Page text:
Panel: Archival Sources and Collective Memory
I Hineggen Chamorro
Peoples of the Marianas and Their Colonial Records
By Carlos Madrid and Melissa Taitano
Abstract: The perceived absence of native Chamorro voices in historical records created during the Spanish colonial administration (1668-1899) erroneously implies the absence of direct or indirect native agency in records’ creation resulting in a singular, dominant narrative. The documentary heritage of the Mariana Islands began in the context of hegemonic power relations that privileged written accounts over oral traditions, pursuing religious and nationbuilding aspirations to the obstruction of native lifeways and ways of knowing. A critical use of the colonial records may yield historical narratives in which native voices and perspectives are not absent, but instead retain a quality of functional silence to be treated as subjects worthy of scholarly inquiry. This article explores the direct and indirect role of native Chamorros in records’ creation during the Spanish colonial period in the Mariana Islands. The archival silence(s), or perceived absence of native voices is addressed to advocate more robust, culturally competent, pluralistic narratives about the historical experience of native Chamorro peoples of the Mariana Islands.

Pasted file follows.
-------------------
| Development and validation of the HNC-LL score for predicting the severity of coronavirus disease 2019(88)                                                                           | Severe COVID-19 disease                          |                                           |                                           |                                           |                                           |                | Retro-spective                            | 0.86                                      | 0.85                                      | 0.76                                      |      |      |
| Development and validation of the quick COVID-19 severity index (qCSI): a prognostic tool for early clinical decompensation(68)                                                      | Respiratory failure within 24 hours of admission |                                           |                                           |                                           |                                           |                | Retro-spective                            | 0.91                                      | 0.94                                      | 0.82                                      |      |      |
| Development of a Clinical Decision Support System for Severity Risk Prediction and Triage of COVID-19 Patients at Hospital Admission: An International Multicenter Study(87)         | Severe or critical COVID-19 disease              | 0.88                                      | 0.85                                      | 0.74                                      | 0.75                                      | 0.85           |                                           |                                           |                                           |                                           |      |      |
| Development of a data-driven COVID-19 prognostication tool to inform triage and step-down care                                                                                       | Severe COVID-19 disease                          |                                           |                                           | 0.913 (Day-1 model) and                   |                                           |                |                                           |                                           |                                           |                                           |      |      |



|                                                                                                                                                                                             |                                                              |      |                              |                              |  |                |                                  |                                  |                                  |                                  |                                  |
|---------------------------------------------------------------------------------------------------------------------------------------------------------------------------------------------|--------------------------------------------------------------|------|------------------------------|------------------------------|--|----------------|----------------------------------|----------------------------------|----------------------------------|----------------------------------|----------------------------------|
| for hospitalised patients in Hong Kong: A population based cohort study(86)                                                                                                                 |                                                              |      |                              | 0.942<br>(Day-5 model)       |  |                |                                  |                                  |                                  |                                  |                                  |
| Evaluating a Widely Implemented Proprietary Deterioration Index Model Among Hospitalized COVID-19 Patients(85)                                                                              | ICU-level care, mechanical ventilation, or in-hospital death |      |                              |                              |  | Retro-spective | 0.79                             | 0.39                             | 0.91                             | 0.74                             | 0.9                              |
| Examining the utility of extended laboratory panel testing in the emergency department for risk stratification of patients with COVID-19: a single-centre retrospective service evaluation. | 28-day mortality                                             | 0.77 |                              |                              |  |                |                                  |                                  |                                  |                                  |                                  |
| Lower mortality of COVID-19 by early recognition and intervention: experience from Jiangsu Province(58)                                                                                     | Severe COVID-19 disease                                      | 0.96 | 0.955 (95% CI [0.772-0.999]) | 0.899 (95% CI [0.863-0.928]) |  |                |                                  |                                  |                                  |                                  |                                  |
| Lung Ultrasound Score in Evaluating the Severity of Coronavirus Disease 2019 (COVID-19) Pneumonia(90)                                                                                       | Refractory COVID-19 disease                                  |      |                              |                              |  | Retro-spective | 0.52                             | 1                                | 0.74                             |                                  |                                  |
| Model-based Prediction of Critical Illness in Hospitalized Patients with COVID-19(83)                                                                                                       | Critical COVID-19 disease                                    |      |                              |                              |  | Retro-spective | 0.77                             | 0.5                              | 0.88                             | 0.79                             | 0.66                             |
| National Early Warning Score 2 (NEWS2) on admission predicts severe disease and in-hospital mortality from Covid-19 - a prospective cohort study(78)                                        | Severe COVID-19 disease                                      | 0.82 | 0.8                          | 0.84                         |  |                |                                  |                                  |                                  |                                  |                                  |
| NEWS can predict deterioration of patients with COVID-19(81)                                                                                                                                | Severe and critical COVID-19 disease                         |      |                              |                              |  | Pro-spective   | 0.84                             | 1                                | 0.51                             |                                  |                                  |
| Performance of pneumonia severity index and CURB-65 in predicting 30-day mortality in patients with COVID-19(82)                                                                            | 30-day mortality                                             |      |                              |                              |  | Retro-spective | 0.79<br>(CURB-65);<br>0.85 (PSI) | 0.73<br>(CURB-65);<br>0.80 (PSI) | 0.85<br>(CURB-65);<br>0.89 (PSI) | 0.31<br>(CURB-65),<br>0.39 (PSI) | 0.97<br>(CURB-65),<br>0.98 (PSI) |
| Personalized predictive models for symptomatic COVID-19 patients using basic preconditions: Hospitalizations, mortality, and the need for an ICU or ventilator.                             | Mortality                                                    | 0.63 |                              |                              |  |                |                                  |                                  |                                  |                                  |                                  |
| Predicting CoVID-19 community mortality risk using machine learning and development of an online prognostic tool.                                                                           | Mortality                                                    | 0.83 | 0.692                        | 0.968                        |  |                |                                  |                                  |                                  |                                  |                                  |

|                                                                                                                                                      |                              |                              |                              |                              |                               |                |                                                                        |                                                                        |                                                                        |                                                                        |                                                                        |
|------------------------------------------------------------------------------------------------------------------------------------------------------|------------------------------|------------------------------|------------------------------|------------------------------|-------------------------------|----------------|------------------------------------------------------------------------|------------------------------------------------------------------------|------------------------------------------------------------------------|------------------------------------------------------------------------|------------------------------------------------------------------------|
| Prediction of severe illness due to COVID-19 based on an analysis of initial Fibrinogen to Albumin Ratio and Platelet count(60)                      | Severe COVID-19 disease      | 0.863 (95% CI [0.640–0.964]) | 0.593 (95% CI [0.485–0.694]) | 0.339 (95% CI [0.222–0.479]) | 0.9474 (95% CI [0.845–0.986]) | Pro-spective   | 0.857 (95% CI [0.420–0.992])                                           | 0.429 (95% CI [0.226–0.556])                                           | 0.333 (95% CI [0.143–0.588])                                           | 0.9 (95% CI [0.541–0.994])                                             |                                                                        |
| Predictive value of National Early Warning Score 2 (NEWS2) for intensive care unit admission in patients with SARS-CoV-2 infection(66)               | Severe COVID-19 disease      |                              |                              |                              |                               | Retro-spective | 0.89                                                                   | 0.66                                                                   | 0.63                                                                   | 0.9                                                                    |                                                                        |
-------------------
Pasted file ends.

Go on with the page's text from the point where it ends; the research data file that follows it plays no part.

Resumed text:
Keywords: Archives, colonial records, colonialism, archival silence, documentary heritage, oral traditions, Pacific Island Culture, Chamorro, Chamoru, representation of the past.
Archives are dynamic sites of interpreted expressions of past manifest as evidentiary texts2 in a reflexive and iterative relationship with history and memory that continually enable the (re)creation of prevailing narratives over time, and, in some respects, define the landscape of what can be known about the past and imagined about the future. Written histories of the Chamorro people of Guam have been based on interpretations of historical records created by government officials, explorers, and clergymen, collected and maintained in archival
paper is an English translation of the original, published in the volume of compiled papers coordinated by Carlos Martinez-Shaw, Carlos Madrid, and David Atienza, with Instituto Gutierrez Mellado, UNED, Madrid, Spain.
J. Gilliland, “Archival and Recordkeeping Traditions in the Multiverse and Their Importance for Researching Situations and Situating Research,” in Research in the Archival Multiverse, ed. Anne J. Gilliland et al. (Clayton,Victoria, Australia: Monash University Press, 2016), 17. The term evidentiary texts are “inclusive of records as they exist in multiple cultural contexts (i.e., the societal record), because the term ‘records’ could be read as pertaining only to institutional/bureaucratic forms of recordkeeping.”